400 pieces were textured at the same time to determine process quality. After texturing, we randomly separate these wafers into 4 groups of 100 pieces. Then, we picked 3 groups and performed backside rounding by etching. The remaining group is the control group, which was not backside rounded. We used an InOxSide machine (Rena GmbH) to perform the backside rounding process. In this process, there were 8 tracks for wafer input, and the roller speed was kept at 1.2 m/min for high throughput (>2500 pcs/hr). Here, we use a JSM-6510 SEM (JEOL Ltd.) to analyze the pyramid topology. Figures 3(a) and 3(b) show 1400x and 3000x SEMs of the pyramid topology without backside rounding. As the figures show, the pyramids are fully apparent on the wafer surface. Figures 3(c) and 3(d) show 1400x and 3000x SEMs of the pyramid topology for etching performed to a 3 μm ± 0.1 μm etching depth in the backside rounding process. The chemicals have started to isotropically etch small pyramids surrounded big pyramids. Figures 3(e) and 3(f) show 1400x and 3000x SEMs of the pyramid topology for etching performed to a 6 μ m ± 0.1 μm etching depth in the backside rounding process. The chemicals have started to etch the sides of the big pyramids and bowl shape etching is apparent surrounding the top of the pyramids. Figures 3(g) and 3(h) show 1400x and 3000x SEMs of the pyramid topology for etching performed to a 9 μm ± 0.1 μm etching depth in the backside rounding process. The sides of pyramids have been severely bowl shape etched by isotropic chemical etching.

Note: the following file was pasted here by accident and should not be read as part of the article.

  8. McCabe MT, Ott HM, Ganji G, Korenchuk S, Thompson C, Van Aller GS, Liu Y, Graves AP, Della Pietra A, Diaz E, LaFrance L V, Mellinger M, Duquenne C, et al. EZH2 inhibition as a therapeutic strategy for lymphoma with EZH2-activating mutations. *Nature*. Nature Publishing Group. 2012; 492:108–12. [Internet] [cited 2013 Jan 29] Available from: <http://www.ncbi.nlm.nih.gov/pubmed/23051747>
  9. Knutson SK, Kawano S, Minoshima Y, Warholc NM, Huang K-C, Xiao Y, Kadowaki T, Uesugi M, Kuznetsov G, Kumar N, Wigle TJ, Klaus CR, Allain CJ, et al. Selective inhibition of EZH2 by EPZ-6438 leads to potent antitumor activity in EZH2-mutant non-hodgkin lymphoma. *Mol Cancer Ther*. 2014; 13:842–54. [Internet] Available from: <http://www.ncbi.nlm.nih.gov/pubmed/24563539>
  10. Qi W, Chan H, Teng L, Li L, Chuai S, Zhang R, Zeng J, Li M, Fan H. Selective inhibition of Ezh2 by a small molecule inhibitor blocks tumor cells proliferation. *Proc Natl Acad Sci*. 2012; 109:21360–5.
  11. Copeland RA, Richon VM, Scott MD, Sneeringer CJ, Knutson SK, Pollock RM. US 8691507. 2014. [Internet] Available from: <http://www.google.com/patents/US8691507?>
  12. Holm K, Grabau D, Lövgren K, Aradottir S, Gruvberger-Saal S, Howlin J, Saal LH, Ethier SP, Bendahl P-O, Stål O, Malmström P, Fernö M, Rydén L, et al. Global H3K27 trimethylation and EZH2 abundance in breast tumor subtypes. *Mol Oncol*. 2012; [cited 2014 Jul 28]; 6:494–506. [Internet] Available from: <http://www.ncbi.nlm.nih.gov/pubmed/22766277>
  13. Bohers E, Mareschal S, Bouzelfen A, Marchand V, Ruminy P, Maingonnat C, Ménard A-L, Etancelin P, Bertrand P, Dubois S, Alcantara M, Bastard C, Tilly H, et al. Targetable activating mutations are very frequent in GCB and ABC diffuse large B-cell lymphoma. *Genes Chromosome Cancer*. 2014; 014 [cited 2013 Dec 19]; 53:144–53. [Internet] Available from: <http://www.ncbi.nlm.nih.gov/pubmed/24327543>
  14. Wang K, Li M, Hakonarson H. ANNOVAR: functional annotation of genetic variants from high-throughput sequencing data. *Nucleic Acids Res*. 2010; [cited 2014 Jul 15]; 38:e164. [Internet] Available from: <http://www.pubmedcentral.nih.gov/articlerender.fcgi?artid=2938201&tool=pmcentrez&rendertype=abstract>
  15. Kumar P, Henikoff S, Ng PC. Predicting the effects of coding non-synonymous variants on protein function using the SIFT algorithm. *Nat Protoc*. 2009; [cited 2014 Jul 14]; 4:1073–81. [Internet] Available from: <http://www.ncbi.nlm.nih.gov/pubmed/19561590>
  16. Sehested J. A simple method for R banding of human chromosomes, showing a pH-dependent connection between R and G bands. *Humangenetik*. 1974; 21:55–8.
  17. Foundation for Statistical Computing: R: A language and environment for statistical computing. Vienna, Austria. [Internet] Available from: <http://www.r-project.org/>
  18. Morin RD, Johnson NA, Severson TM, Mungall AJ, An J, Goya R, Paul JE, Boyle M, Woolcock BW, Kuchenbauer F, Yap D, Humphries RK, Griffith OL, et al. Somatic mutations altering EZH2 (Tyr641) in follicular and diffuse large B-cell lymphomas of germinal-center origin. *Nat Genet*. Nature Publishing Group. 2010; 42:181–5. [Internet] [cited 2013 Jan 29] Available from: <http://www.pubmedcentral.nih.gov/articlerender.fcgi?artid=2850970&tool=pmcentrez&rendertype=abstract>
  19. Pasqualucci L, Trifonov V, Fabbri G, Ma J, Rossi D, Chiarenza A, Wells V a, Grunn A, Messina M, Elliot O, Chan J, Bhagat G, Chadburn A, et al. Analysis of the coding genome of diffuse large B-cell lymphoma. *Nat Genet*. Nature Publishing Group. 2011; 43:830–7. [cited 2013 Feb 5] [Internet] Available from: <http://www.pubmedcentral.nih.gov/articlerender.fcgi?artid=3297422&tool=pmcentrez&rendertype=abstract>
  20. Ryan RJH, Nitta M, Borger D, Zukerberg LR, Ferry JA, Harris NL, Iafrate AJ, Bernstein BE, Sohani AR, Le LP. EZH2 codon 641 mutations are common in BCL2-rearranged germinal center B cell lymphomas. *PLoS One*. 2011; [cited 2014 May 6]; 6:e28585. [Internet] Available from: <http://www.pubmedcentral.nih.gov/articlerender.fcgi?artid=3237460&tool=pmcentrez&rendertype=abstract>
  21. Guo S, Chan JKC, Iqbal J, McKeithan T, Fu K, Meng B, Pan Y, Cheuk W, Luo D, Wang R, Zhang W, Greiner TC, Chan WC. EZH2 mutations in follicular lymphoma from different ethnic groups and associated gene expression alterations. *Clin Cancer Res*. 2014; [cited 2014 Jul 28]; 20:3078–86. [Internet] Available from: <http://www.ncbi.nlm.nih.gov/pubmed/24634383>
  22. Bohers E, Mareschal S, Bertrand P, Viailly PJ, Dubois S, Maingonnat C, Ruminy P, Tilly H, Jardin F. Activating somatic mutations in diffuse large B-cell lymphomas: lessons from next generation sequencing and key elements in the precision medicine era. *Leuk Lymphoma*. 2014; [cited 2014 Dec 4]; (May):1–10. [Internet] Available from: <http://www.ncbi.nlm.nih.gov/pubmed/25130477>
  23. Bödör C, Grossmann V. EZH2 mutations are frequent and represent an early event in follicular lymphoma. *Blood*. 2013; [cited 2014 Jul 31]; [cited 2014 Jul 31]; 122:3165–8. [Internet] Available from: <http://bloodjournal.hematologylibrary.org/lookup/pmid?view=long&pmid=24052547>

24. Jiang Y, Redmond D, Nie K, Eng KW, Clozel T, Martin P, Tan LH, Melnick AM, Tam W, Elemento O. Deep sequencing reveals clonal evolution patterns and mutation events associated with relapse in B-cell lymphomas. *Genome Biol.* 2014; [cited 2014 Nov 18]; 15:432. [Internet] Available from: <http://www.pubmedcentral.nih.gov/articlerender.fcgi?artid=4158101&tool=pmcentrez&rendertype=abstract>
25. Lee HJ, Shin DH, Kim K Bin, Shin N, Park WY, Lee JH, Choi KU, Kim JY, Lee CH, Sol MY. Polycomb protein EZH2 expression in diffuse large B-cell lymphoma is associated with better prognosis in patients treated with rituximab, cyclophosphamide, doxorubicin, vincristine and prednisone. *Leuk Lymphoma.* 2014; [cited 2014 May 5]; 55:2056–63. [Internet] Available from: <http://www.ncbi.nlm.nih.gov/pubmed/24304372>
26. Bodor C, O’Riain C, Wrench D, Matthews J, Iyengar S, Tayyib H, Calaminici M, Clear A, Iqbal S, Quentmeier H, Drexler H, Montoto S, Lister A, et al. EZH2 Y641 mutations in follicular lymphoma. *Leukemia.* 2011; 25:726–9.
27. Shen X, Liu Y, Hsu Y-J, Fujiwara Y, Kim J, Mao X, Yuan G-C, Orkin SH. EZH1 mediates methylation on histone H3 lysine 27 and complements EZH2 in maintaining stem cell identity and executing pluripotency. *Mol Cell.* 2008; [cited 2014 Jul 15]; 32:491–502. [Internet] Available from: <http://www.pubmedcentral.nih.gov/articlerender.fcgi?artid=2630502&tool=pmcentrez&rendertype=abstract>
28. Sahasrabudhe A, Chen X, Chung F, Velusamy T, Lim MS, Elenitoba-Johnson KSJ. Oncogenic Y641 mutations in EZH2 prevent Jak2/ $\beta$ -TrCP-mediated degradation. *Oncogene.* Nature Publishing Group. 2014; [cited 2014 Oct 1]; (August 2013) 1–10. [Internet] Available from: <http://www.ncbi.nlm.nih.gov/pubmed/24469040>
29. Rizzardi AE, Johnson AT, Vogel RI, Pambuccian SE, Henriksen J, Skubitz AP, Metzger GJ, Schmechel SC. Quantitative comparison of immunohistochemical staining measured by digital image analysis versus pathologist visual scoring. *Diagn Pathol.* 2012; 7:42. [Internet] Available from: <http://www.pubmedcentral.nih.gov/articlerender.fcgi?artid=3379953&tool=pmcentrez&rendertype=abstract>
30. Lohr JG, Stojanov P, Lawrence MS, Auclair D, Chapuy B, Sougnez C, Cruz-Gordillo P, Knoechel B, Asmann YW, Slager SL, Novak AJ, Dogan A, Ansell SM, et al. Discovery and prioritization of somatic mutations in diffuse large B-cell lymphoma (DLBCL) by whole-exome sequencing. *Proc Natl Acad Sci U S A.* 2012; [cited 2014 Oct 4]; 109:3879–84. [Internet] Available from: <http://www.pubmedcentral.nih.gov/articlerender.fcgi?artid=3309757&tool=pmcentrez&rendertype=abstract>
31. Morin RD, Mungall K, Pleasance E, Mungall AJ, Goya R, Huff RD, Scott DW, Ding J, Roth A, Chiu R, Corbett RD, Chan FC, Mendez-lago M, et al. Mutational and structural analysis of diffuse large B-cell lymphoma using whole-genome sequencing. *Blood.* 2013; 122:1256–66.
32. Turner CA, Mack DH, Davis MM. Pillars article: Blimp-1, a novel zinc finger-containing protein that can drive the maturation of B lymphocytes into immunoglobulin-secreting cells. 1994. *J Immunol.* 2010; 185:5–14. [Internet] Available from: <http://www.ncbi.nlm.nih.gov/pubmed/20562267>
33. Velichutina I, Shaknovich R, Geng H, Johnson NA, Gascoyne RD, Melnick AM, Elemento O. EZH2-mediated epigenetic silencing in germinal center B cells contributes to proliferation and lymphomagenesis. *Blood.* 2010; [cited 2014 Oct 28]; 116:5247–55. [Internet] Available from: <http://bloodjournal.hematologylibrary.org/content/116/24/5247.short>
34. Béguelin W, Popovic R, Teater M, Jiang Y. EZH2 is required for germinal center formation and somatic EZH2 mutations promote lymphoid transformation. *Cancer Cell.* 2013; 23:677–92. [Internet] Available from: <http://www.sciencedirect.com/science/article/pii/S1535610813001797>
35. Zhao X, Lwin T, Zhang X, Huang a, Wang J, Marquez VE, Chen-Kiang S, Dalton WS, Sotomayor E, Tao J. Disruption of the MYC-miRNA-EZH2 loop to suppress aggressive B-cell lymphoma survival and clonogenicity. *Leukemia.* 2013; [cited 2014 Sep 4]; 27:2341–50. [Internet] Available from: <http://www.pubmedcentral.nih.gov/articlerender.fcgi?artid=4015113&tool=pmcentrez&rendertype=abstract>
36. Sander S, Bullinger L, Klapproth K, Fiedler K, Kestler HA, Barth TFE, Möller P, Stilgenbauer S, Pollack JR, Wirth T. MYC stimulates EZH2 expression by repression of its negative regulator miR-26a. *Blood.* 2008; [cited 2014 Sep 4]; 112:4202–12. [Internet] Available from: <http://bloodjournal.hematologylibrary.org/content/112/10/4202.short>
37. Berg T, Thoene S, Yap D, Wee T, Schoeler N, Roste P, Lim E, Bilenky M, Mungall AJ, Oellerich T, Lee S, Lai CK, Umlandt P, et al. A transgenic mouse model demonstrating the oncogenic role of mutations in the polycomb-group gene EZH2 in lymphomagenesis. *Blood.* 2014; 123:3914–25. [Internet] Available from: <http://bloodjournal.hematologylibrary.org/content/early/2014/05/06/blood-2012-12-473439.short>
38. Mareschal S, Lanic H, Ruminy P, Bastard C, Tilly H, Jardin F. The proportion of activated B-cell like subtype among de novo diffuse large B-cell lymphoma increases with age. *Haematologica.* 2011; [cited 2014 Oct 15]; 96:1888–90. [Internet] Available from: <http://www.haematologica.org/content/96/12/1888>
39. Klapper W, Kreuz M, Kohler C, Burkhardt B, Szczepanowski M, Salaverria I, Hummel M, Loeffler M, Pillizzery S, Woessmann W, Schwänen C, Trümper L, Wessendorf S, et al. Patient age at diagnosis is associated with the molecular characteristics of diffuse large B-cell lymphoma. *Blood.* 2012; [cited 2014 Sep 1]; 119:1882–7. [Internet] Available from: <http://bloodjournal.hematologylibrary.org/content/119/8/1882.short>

After backside rounding etching, a U-4100 UV-vis-NIR spectrophotometer (Hitachi) was used to measure the reflectivity. The U-4100 has two light sources, which can measure reflectivity from a wavelength of 240 nm to 2600 nm and an integrating sphere, which can measure the scattering a texturized wafer. We randomly picked 4 pieces of wafer from each group. Every piece was measured at 5 points, and the values were averaged. Figure 4 shows a comparison of the reflectivity of four different etching depths after backside rounding.
As the figure shows, there is no obvious difference in the short and mid wavelength ranges. However, at long wavelengths (>1100 nm), a difference between the samples becomes apparent. As the etching depth increases, the reflectivity increases. The weighted reflectance % is calculated to identify the performance : where is the photon flux, is the cell internal quantum efficiency [17, 18]. Table 1 shows a comparison of the % of four different etching depths. The % of ED9 is 14.95%, which is the higher than the other samples. The low value is due to poor response at the long wavelengths.
After backside rounding, ion implantation is performed. Four groups of wafers were automatically transferred into the chamber and the P+ ion source was implanted onto the wafer surface. In order to activate dopant on the wafer surface, high-temperature (800°C) annealing was performed. A four-point probe (Quatek Co., Ltd.) was used to measure sheet resistance (). Table 2 shows the results for different etching depths after annealing. The values of the four groups have an average 65 ohm/sq and good uniformity (<3%). A thin SiO2 layer was formed on the wafer surface after annealing, and an ellipsometer (SEMILAB Semiconductor) with a single-wavelength HeNe laser operating at a wavelength of 632.8 nm was used to measure the thickness of SiO2. Four pieces of wafer from each group were picked at random and the thickness of SiO2 measured. Each wafer was measured at 9 points and the results averaged. Table 3 shows a comparison of SiO2 thicknesses and uniformities of four different etching depths. The results show that the thickness of SiO2 is around 16.5 nm and also had good uniformity (<1%). The and thickness of SiO2 are not related to etching depth.
After the annealing process, the anti-reflection coating, SiNx layer, is deposited on top of the SiO2 in order to minimize reflection from the front surface of the cell. Figure 5 shows the reflectivities of the four different etching depths. The profile shows that the reflectivity of ED9 is highest at long wavelengths. Comparing the results after backside rounding, the difference between each group is reduced at longer wavelengths. Table 4 shows the values of % after ARC deposition, and ED9 has the highest % of 4.67%.